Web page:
the kingdom was once more in peace and plenty. In the same manner he
befriended two other countries through which they passed on their way.

When they came to the sea, they got into a ship and during their
voyage the two eldest said to themselves, 'Our brother has got the
water which we could not find, therefore our father will forsake us
and give him the kingdom, which is our right'; so they were full of
envy and revenge, and agreed together how they could ruin him. Then
they waited till he was fast asleep, and poured the Water of Life out
of the cup, and took it for themselves, giving him bitter sea-water
instead.

When they came to their journey's end, the youngest son brought his
cup to the sick king, that he might drink and be healed. Scarcely,
however, had he tasted the bitter sea-water when he became worse even
than he was before; and then both the elder sons came in, and blamed
the youngest for what they had done; and said that he wanted to poison
their father, but that they had found the Water of Life, and had
brought it with them. He no sooner began to drink of what they brought
him, than he felt his sickness leave him, and was as strong and well
as in his younger days. Then they went to their brother, and laughed
at him, and said, 'Well, brother, you found the Water of Life, did
you? You have had the trouble and we shall have the reward. Pray, with
all your cleverness, why did not you manage to keep your eyes open?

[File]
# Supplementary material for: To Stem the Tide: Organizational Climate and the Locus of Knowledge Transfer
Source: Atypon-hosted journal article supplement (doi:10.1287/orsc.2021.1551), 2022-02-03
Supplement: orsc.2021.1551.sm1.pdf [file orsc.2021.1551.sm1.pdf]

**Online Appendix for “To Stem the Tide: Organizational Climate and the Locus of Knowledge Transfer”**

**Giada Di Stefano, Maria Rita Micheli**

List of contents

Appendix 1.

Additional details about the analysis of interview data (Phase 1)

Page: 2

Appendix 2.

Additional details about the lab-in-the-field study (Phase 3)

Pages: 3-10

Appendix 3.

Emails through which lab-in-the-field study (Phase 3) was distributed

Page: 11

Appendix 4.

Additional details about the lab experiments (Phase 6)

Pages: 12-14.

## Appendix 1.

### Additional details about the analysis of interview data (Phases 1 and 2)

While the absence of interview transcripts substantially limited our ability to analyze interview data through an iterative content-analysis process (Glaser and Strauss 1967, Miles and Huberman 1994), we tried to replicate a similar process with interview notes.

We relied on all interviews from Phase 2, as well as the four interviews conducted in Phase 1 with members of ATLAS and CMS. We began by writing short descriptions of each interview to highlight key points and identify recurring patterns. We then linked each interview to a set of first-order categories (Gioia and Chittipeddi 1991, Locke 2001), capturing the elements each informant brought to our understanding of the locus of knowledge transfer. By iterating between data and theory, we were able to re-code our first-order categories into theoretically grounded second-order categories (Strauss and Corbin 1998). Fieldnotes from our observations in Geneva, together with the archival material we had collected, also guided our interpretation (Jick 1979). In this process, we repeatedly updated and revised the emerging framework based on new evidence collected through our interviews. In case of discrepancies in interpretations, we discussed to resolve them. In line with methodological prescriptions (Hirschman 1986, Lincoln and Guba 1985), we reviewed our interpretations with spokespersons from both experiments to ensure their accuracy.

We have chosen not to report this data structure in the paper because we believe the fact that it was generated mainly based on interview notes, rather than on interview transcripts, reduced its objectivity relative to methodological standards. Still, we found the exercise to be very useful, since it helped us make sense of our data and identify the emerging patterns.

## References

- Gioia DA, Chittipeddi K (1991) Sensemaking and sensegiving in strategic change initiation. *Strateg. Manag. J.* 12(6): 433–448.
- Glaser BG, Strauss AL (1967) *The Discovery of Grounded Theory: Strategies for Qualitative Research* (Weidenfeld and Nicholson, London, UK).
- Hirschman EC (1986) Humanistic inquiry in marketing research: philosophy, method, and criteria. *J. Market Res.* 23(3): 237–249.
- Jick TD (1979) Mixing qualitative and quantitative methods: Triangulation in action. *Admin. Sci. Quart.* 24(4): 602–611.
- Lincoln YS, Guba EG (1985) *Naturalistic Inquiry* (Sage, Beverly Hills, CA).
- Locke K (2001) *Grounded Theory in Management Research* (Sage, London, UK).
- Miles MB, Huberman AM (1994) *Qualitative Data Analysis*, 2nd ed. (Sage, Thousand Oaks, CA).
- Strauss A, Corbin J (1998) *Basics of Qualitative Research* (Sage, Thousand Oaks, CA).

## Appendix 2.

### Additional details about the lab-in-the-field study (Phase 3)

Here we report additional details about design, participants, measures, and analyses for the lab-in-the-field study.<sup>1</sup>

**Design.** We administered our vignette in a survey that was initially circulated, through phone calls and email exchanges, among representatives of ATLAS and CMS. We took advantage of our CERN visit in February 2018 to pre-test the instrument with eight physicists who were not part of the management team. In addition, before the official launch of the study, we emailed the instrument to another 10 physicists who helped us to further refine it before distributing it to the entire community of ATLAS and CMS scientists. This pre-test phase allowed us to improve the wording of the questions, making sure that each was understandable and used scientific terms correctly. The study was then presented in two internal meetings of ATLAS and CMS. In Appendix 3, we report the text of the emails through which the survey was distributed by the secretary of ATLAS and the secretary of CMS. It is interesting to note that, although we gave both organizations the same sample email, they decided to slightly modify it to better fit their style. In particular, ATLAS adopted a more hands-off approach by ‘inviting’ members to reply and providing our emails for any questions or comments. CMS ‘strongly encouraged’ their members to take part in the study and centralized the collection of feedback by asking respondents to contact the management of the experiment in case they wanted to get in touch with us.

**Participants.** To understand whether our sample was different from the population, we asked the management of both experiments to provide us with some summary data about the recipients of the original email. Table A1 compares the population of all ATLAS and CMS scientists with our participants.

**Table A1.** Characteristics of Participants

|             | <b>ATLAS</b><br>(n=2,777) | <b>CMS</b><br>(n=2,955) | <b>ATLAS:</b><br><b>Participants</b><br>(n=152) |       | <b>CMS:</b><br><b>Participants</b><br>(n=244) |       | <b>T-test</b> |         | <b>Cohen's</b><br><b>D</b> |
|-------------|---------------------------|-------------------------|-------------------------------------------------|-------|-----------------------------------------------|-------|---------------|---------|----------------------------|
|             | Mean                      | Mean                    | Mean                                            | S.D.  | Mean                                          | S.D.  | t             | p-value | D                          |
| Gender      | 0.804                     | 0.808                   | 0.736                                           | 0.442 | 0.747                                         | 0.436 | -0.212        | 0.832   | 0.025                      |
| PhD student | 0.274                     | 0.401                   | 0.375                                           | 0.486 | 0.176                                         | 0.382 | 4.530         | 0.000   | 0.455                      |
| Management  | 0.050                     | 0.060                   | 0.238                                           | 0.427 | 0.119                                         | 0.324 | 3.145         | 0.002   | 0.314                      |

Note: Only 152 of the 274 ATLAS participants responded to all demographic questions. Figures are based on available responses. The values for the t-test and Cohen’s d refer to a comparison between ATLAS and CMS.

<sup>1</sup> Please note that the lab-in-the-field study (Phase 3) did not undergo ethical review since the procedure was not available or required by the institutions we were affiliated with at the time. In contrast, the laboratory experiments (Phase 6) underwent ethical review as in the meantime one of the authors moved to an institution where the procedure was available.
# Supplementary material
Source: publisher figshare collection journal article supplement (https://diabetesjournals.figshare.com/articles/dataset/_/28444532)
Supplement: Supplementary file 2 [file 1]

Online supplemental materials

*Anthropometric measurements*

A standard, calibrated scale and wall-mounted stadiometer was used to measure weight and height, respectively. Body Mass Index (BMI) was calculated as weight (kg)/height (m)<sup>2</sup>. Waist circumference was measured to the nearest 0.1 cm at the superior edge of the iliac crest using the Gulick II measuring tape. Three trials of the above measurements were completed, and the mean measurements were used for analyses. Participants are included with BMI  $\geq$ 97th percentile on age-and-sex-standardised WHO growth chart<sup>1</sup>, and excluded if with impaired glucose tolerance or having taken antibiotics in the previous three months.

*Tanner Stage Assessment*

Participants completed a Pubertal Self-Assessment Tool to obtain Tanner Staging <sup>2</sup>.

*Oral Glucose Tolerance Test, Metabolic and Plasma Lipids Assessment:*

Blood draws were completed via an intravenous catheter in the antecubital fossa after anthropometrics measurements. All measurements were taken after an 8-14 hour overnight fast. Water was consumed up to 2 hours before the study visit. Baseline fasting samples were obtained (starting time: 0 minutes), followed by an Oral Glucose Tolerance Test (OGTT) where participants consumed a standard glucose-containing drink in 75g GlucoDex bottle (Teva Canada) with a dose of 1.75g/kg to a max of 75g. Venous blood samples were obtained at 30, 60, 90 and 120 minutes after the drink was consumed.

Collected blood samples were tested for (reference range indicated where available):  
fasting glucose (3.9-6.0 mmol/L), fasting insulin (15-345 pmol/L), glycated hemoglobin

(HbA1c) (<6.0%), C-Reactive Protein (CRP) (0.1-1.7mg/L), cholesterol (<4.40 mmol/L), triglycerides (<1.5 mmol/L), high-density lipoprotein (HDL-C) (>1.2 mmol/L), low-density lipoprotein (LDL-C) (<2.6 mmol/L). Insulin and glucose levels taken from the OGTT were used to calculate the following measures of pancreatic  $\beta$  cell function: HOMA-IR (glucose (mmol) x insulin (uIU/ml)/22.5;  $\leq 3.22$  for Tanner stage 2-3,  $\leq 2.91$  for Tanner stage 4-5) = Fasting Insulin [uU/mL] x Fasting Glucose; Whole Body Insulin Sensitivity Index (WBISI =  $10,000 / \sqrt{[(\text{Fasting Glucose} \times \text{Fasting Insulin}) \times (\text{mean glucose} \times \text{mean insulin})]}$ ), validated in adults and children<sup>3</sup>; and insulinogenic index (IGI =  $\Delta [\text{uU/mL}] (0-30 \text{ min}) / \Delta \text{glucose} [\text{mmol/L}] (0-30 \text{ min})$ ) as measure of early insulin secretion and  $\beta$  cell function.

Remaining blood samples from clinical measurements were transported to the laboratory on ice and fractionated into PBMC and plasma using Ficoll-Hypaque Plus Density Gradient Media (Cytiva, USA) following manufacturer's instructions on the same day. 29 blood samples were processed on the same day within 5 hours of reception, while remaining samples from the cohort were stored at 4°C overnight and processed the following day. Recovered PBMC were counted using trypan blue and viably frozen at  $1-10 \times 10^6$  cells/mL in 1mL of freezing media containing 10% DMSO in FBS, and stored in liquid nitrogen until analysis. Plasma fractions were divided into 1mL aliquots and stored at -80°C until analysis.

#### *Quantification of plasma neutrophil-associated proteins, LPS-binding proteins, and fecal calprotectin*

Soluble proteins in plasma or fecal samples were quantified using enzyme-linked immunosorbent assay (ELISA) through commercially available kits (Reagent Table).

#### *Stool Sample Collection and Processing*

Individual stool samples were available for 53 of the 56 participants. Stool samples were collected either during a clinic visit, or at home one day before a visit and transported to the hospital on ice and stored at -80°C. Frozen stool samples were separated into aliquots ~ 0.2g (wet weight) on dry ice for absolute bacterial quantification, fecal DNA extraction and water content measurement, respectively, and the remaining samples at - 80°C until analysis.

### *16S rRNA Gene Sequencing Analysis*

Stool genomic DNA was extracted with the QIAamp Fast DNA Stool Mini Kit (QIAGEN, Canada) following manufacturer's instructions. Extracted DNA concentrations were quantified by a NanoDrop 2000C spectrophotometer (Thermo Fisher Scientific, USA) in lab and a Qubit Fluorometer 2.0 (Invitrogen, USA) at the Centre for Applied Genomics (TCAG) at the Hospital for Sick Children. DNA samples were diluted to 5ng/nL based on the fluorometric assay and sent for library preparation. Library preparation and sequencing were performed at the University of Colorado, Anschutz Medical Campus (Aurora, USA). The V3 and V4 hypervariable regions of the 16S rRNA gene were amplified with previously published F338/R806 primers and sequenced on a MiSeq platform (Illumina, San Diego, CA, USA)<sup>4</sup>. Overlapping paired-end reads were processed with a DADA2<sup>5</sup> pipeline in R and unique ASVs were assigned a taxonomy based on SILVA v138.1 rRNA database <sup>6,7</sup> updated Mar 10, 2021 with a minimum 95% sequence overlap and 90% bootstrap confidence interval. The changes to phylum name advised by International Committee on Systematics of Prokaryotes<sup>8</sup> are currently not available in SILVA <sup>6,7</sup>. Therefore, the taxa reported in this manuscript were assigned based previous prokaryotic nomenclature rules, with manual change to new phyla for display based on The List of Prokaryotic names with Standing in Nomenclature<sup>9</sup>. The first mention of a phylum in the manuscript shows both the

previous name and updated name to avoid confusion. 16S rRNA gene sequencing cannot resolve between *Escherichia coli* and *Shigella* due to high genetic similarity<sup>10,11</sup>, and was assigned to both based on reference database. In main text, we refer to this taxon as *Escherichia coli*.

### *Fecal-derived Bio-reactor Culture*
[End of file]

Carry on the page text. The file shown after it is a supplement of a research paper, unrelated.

Next year one of us will take away your beautiful princess, if you do
not take care. You had better say nothing about this to our father,
for he does not believe a word you say; and if you tell tales, you
shall lose your life into the bargain: but be quiet, and we will let
you off.'

The old king was still very angry with his youngest son, and thought
that he really meant to have taken away his life; so he called his
court together, and asked what should be done, and all agreed that he
ought to be put to death. The prince knew nothing of what was going
on, till one day, when the king's chief huntsmen went a-hunting with
him, and they were alone in the wood together, the huntsman looked so
sorrowful that the prince said, 'My friend, what is the matter with
you?' 'I cannot and dare not tell you,' said he. But the prince begged
very hard, and said, 'Only tell me what it is, and do not think I
shall be angry, for I will forgive you.' 'Alas!' said the huntsman;
'the king has ordered me to shoot you.' The prince started at this,
and said, 'Let me live, and I will change dresses with you; you shall